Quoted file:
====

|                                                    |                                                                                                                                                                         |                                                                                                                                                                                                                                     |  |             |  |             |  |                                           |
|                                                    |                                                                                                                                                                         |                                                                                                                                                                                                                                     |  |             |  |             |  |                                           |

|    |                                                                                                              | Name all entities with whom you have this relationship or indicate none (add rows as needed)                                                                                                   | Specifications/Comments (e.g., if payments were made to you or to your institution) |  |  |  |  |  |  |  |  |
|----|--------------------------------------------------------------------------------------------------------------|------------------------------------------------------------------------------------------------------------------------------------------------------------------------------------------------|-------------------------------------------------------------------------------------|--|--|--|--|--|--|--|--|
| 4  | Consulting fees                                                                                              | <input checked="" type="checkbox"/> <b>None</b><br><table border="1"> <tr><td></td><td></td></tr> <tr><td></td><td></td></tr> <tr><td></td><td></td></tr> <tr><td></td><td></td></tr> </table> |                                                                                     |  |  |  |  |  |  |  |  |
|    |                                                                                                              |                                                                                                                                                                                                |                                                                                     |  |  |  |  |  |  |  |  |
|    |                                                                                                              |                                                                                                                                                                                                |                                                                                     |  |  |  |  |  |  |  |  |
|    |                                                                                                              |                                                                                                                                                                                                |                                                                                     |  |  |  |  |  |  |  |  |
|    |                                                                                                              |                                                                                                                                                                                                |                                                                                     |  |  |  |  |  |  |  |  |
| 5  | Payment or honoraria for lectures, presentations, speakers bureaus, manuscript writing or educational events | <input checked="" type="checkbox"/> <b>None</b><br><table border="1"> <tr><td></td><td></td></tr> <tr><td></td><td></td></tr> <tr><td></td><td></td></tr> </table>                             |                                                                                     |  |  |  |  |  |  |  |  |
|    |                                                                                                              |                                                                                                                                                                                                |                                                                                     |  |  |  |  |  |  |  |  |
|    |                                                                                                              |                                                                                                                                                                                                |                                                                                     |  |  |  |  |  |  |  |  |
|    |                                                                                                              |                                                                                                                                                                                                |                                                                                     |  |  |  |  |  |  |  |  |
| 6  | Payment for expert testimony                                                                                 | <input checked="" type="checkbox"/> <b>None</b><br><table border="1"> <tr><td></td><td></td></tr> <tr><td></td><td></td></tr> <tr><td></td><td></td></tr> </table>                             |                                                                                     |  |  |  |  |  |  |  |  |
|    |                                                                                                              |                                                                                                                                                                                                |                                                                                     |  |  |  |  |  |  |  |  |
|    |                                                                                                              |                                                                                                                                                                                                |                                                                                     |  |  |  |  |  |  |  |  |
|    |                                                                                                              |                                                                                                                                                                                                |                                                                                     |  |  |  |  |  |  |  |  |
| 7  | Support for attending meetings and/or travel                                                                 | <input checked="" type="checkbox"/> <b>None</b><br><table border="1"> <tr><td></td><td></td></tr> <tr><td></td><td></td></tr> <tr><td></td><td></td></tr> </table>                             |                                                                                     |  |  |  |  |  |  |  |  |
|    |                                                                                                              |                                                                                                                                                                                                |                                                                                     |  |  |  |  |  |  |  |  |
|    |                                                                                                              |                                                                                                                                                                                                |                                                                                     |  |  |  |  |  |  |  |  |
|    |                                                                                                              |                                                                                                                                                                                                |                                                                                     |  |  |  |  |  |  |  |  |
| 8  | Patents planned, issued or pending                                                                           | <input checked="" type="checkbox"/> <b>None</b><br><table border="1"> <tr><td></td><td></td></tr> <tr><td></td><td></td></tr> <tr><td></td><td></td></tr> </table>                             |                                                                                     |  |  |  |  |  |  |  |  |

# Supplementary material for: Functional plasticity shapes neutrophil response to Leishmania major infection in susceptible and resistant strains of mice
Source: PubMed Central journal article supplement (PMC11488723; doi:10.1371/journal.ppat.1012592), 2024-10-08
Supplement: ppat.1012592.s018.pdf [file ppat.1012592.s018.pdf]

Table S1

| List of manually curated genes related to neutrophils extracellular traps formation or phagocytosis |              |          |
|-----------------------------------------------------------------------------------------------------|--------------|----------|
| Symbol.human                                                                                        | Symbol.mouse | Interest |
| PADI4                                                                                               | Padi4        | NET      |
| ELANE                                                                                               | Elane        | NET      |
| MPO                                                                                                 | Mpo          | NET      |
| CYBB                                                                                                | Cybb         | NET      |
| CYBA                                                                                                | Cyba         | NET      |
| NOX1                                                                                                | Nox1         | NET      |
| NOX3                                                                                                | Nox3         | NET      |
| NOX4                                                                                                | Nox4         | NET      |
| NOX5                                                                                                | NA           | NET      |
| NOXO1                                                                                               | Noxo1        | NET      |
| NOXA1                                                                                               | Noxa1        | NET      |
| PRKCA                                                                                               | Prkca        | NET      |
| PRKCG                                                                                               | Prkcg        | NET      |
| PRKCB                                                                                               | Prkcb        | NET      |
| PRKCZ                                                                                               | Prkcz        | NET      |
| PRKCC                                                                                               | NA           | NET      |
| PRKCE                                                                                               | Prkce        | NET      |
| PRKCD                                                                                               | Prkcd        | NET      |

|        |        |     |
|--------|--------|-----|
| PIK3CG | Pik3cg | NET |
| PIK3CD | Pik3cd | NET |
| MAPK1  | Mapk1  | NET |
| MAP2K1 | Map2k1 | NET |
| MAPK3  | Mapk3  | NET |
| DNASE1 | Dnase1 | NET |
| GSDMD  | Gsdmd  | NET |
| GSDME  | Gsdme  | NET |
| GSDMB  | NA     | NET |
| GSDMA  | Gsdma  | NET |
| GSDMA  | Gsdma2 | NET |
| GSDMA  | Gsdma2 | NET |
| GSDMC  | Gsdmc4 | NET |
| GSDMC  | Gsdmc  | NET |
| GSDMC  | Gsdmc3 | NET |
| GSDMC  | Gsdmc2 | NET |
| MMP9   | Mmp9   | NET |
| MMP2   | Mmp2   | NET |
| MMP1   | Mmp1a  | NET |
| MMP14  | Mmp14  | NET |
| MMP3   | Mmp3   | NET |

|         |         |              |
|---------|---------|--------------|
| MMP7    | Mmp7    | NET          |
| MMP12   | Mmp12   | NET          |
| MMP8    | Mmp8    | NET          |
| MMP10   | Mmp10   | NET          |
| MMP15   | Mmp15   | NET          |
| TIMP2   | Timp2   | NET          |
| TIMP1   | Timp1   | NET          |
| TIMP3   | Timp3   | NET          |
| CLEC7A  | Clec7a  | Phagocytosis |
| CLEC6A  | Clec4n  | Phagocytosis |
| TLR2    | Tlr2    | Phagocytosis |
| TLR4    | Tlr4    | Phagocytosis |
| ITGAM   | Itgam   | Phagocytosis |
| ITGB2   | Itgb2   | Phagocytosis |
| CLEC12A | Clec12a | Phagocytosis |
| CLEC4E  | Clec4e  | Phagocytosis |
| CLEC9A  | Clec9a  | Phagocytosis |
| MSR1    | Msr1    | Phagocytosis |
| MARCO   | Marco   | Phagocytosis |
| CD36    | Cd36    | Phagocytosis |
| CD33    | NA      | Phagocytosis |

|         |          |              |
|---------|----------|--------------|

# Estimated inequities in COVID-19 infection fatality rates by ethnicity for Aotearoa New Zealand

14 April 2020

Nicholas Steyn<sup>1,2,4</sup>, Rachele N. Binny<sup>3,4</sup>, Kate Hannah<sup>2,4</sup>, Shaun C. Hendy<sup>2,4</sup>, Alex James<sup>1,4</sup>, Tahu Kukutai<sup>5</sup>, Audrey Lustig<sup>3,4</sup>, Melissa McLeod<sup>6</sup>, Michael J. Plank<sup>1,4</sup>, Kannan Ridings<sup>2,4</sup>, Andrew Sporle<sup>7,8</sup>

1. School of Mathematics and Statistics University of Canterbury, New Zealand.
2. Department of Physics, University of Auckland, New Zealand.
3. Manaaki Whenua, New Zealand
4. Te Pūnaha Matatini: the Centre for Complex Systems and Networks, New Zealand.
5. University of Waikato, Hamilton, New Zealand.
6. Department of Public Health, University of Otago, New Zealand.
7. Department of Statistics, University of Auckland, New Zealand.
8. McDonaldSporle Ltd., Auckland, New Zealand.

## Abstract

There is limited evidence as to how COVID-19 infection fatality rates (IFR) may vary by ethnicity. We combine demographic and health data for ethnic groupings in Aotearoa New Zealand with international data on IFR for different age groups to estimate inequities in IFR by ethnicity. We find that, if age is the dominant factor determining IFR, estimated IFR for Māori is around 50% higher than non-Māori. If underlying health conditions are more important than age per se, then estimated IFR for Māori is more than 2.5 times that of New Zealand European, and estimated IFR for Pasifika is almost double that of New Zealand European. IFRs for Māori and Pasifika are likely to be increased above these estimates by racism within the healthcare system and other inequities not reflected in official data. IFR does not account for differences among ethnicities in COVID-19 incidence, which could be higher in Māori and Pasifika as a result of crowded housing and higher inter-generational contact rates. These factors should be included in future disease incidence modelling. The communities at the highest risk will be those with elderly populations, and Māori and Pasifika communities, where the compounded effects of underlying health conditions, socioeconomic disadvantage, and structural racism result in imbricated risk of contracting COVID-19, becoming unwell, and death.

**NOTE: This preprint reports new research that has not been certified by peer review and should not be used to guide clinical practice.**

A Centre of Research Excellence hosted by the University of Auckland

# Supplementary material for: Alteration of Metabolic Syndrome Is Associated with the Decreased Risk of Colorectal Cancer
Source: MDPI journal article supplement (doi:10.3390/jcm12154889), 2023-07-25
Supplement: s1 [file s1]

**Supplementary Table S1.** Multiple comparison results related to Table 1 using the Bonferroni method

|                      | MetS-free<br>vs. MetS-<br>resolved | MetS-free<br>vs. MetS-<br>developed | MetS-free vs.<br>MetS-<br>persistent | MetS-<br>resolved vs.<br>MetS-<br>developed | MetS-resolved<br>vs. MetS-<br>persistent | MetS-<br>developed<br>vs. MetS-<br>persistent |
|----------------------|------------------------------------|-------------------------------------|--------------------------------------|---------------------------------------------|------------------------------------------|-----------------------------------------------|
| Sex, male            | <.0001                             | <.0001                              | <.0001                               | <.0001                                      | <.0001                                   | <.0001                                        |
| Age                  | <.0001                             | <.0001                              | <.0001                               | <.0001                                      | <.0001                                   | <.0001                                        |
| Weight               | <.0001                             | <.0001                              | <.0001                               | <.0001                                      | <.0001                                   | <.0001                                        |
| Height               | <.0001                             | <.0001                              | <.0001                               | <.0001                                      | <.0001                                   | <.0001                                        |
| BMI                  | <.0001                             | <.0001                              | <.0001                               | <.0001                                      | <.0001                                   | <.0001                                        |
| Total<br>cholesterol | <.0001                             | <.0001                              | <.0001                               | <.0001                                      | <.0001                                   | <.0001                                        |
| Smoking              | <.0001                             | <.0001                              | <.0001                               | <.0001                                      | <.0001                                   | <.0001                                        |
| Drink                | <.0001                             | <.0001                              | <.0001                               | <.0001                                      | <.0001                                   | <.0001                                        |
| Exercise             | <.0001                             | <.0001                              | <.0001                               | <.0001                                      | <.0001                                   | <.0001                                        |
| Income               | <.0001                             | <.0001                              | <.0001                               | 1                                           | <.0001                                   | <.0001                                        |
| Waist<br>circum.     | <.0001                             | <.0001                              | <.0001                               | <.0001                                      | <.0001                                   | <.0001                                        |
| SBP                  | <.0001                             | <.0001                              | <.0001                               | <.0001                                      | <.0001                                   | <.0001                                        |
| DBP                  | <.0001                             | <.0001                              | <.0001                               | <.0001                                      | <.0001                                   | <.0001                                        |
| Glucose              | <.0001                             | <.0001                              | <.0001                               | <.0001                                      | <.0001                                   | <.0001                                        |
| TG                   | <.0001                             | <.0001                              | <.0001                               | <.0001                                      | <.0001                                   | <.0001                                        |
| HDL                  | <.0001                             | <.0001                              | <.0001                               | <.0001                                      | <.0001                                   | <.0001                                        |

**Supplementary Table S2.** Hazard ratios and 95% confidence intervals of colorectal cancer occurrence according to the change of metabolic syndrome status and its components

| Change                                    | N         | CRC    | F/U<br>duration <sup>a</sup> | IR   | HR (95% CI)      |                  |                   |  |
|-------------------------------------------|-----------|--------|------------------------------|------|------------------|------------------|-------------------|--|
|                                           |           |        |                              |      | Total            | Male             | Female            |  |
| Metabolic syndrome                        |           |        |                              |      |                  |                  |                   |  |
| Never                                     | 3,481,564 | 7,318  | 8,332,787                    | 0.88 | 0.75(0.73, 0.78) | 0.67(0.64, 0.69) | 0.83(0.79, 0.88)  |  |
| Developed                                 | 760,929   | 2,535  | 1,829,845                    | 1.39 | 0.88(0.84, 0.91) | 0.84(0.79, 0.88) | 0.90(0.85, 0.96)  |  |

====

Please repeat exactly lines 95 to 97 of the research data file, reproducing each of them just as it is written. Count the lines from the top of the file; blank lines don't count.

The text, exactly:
|---------|----------|--------------|

# Estimated inequities in COVID-19 infection fatality rates by ethnicity for Aotearoa New Zealand

14 April 2020